Stanford Medicine orthopedic surgeon uses his skills to as head physician for the San Francisco 49ers football team
A Stanford plastic surgeon discusses a little-known treatment for migraines: surgery that involves decompressing a nerve.
Researchers create a blood test to predict a patient's risk for surgical site complications, such as infection.
Lilly Lee's back was severely bent forward because of a spinal condition. Surgeon Serena Hu straightened it.
Researchers at Stanford Medicine have created a computer game to better educate medical students diagnosing patients during surgery.
During cardiac surgery, patients’ blood levels of a substance highly predictive of Alzheimer’s disease jumped more than 5-fold.
Wearing caps labeled with names and roles made it easier for everyone in the operating room to communicate during C-sections, a Stanford study found.
Graeme Rosenberg's illustrations, shared in classes he teaches and on social media, are resonating with fellow surgeons at Stanford and beyond.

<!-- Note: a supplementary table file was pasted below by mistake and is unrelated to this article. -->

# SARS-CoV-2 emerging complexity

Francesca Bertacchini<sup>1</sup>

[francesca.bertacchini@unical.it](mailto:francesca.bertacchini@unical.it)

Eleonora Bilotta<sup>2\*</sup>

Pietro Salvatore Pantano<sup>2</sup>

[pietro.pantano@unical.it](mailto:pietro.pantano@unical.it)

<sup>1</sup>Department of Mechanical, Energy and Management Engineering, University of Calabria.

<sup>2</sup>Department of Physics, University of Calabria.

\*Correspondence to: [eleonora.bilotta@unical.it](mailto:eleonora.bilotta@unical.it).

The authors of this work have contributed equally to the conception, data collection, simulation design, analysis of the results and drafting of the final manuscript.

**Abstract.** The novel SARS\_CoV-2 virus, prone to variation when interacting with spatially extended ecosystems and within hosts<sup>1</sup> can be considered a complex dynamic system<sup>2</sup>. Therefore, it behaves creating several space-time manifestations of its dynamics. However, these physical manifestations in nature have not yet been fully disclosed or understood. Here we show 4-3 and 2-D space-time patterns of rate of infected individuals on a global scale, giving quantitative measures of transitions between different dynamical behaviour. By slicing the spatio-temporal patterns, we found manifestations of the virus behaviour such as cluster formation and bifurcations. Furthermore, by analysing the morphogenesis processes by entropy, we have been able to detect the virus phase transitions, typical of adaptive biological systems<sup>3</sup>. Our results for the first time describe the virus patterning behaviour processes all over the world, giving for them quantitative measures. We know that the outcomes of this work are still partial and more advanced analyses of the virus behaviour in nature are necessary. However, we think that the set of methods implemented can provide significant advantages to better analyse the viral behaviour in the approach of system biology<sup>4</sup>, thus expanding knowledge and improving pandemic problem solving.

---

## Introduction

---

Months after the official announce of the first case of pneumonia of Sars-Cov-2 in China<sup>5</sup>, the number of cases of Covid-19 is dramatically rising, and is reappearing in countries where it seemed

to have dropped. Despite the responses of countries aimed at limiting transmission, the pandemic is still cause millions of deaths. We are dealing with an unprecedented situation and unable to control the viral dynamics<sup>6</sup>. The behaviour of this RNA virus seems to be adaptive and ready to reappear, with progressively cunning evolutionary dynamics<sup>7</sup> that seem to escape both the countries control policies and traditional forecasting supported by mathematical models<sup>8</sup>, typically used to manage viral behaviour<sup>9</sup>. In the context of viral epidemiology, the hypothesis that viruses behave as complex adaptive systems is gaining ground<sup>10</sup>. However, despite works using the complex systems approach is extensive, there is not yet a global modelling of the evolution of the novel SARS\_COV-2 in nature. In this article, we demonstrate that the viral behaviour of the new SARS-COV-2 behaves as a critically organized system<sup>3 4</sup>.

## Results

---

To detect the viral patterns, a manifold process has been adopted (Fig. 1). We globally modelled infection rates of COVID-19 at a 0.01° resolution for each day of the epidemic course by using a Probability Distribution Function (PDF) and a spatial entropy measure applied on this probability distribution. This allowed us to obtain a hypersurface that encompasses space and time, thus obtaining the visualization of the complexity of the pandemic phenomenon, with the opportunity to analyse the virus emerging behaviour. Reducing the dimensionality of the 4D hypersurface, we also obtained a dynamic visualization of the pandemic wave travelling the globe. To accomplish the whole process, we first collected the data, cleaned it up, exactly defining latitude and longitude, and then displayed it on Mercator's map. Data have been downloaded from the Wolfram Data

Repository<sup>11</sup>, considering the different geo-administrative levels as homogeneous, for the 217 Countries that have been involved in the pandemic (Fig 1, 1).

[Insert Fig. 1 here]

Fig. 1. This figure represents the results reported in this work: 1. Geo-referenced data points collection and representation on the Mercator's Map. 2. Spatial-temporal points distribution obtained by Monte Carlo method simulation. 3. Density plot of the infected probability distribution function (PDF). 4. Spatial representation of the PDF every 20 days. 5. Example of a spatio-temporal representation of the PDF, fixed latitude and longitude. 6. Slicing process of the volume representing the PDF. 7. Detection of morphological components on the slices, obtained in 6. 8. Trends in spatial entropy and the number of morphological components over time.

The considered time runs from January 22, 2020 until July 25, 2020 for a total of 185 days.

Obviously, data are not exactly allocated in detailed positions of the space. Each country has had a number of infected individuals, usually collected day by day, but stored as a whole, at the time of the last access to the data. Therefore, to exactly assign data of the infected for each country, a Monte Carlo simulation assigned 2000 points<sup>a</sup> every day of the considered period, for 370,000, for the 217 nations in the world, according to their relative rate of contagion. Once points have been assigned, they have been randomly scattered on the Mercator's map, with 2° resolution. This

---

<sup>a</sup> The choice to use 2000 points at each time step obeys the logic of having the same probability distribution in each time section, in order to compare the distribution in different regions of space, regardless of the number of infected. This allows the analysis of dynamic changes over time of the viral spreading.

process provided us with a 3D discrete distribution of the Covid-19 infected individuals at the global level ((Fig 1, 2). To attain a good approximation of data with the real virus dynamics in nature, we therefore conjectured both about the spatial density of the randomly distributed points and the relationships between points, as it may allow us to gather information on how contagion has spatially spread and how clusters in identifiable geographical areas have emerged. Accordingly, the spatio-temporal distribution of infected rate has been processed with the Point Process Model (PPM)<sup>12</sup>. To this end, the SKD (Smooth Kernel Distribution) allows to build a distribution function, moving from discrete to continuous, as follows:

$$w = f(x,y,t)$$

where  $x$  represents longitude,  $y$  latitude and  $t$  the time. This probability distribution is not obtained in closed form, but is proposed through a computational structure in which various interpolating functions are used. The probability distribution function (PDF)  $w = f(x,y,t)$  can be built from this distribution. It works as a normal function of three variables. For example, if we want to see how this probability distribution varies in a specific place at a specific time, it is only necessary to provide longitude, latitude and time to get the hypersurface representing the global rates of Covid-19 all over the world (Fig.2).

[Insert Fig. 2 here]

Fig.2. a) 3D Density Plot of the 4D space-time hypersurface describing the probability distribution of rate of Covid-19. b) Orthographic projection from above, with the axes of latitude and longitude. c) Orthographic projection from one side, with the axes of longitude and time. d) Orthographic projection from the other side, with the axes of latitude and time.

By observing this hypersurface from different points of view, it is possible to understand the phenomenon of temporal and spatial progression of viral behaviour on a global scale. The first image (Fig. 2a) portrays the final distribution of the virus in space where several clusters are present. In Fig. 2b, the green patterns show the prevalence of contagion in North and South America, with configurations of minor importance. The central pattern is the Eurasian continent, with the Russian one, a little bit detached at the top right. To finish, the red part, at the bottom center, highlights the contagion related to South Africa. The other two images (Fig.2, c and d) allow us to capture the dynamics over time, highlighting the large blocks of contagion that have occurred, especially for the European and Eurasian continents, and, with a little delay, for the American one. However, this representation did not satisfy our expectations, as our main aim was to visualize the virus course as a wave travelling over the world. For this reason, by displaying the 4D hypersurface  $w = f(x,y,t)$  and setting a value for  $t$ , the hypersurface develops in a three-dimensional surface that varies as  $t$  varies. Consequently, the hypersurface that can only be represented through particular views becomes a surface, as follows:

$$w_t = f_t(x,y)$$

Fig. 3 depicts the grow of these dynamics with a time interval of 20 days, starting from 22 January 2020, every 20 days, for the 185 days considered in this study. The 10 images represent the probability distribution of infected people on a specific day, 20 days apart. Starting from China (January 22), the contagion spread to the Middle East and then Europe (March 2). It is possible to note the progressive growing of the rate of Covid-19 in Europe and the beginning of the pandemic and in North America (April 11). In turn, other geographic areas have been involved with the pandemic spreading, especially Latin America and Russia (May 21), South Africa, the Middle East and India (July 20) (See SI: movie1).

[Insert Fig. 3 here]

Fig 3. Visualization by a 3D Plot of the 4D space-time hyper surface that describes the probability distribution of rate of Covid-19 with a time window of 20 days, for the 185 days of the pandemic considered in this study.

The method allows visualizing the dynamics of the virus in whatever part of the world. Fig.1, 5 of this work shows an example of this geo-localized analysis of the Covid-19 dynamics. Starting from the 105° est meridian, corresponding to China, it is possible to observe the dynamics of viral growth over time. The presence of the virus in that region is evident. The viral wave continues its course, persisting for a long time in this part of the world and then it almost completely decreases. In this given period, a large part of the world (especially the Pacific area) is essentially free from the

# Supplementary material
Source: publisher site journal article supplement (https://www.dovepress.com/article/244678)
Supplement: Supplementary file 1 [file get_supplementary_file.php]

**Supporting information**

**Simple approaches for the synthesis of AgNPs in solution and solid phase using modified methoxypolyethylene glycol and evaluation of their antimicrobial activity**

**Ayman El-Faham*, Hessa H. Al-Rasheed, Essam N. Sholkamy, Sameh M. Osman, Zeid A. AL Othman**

Stanford researchers have several projects underway to improve imaging techniques, bracing treatment and surgeries for kids and teens with scoliosis.
During a stint in Ethiopia, Stanford surgical resident Jared Forrester worked on a surgical infection prevention plan for low- and middle-income countries.
Abdominal adhesions frequently occur after abdominal surgery. Stanford researchers prevented their formation in mice by blocking a molecular pathway.
Stanford pediatric surgeon Janey Pratt converted her dining room to a factory, in order to produce cloth masks to protect people from COVID-19 transmission.
Reece and Alister Sharp, daughters of Stanford neurosurgeon Odette Harris, co-authored a children's book to share their experience.
In a podcast interview, a Stanford Health Care physician leader discusses how the system is keeping patients safe as surgeries and other procedures resume.
College student Bea White writes about her pacemaker-implant surgery, and how her life has changed since having the procedure.
At 19, Bea White learned she needed a pacemaker to speed up her heart, which beat too slowly because of a condition called heart block.